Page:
help kitten attack
Have no fear! Your kitten is not abnormal, and if you love and care for him from now on, he should be a fine, healthy friendly lapcat soon.
The fact that he came from a neglected home shouldn't be too much of a problem on the long run. Much of the bad behaviour he is showing is actually not bad behaviour at all, but just normal kitten behaviour that hasn't been tamed by contact with humans.
I assume he had brothers and sisters in his old house galore. He grew up playing with them, biting and wrestling for sport. This is how cats learn to hunt : They play attack their siblings.
Little kittens in a litter have fur that allows their siblings to bite quite hard without hurting each other. Humans have no fur, so your little one has to learn that he can't dig in quite as hard as he could with his playmates. Pushing him away will only make him think you want to play more. To teach him that it hurts you, say "NO" loudly and sharply and let your hand go limp, or shake it away rapidly, even if he falls off your lap! If he really misbehaves badly, squirt him with a fine spray of water(not in the face). If he persists, put him in a lonely spot far from the family and ignore him. Repeat this every time he misbehaves.I don't advocate spanking kittens, but clapping your hands loudly or tapping with your finger on his nose( SOFTLY) will annoy him. Cats hate surprises. If you don't want him biting your hands at all (some people enjoy some gentle nibbling, others don't) put something that tastes bad on the spots he bites most often, like pepper or bitter apple. He will get the message.
Reasons kitten get a little rough are also because of boredom. Throw a piece of crumpled paper for him to wrestle with, and it will distract him from your feet and hands.Perhaps a kitten size teddy will help, as it closely resembles his lost furry family members. Make sure he has enough toys to keep him occupied, especially if he is an indoor cat. You have the right idea with golf balls. Shoe laces suspended like a mobile are a particular favourite!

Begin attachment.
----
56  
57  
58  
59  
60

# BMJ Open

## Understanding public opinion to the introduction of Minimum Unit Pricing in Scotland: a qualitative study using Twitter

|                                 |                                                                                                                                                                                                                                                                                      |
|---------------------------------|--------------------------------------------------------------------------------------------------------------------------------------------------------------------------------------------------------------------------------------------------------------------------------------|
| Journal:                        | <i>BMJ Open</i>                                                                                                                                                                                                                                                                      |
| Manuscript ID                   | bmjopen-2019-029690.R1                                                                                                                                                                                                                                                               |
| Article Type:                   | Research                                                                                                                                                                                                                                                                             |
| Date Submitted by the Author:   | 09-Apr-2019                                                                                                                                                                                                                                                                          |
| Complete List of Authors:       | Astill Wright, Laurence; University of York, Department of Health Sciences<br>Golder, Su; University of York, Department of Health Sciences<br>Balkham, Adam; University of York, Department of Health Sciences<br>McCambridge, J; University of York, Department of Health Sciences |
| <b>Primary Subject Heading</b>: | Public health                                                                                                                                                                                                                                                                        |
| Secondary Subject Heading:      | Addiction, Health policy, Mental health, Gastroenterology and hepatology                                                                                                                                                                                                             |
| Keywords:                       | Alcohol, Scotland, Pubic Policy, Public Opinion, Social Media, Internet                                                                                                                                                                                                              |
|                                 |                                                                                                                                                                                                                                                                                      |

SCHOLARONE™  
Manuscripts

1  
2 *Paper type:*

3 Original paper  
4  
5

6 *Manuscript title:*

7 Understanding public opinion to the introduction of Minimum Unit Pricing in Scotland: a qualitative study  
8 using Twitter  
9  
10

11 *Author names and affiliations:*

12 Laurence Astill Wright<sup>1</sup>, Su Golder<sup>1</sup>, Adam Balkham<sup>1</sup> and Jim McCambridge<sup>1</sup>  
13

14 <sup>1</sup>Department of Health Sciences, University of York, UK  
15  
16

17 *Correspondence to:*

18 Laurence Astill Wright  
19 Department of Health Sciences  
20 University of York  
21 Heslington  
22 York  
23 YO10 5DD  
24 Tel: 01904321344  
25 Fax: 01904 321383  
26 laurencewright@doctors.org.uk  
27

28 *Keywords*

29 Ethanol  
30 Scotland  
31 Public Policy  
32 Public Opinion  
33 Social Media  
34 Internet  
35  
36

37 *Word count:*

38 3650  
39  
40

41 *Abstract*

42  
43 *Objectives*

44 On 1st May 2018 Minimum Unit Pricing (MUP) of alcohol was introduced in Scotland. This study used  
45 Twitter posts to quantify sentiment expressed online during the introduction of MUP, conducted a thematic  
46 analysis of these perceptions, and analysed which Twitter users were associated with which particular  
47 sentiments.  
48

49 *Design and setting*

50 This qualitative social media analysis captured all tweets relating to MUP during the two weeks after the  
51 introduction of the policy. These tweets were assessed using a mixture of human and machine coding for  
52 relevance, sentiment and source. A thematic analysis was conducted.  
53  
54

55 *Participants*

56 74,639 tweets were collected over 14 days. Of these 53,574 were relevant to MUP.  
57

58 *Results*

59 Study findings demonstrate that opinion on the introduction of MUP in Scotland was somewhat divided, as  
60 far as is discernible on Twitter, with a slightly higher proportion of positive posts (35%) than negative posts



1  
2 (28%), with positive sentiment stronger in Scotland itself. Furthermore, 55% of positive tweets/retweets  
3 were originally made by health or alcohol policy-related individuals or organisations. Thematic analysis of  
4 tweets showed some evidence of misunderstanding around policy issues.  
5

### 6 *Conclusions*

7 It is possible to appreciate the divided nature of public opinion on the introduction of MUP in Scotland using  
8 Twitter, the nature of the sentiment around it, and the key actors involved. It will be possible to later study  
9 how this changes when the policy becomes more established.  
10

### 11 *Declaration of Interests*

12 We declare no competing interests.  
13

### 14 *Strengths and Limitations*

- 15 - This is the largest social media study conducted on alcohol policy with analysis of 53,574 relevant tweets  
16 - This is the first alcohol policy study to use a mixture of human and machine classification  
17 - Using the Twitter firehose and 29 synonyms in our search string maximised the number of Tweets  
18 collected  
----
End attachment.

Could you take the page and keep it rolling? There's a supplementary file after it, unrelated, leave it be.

Probably his sneak attacks on the other cats is an attempt to get them to play with him, not anything to worry about. Kittens often wrestle with their mother too! The other cats may not want to play and get annoyed. They will rarely hurt a overactive kitten, but might gently bite, sideswipe or wrestle a kitten to submission as a form of discipline, almost like saying : Enough now, settle down! Provided the adult cats do not hiss or spit, give a low growl, flick their tails rapidly in anger or flatten their ears against their heads, they probably aren't even annoyed with the little one.
It is a good sign that he cuddles you when he is sleepy. My eldest cat, Hobbes, was just as much a ankle-terrorist as your kitty, but today is the calmest, most loving hug-bug you could imagine. He broke his leg recently(so badly it had to be amputated) and didn't even bite hard enough to break my skin when I touched the leg to feel the extent of the injury. He just kinda sank his teeth hard enough to cause pain so that I could know how sore it was for him.He also used to bite me hard as a kitten, and was a huge annoyance to my husband when he tied his bootlaces, as Hobbes though these looked like mouse-tails!AttaaaaaacK!But annoying behaviour in a kitten is rarely something that persists into adulthood if you take good care of your little one.
I think your vet is a bit hasty, especially in the light of the age and background of your cat. My feral kitten Susan took more than 4 weeks to adjust and become friendly when we found her living in a drain as a baby. Give the little one time!
I think your kitty is just adorable. Send me a photo! [email protected]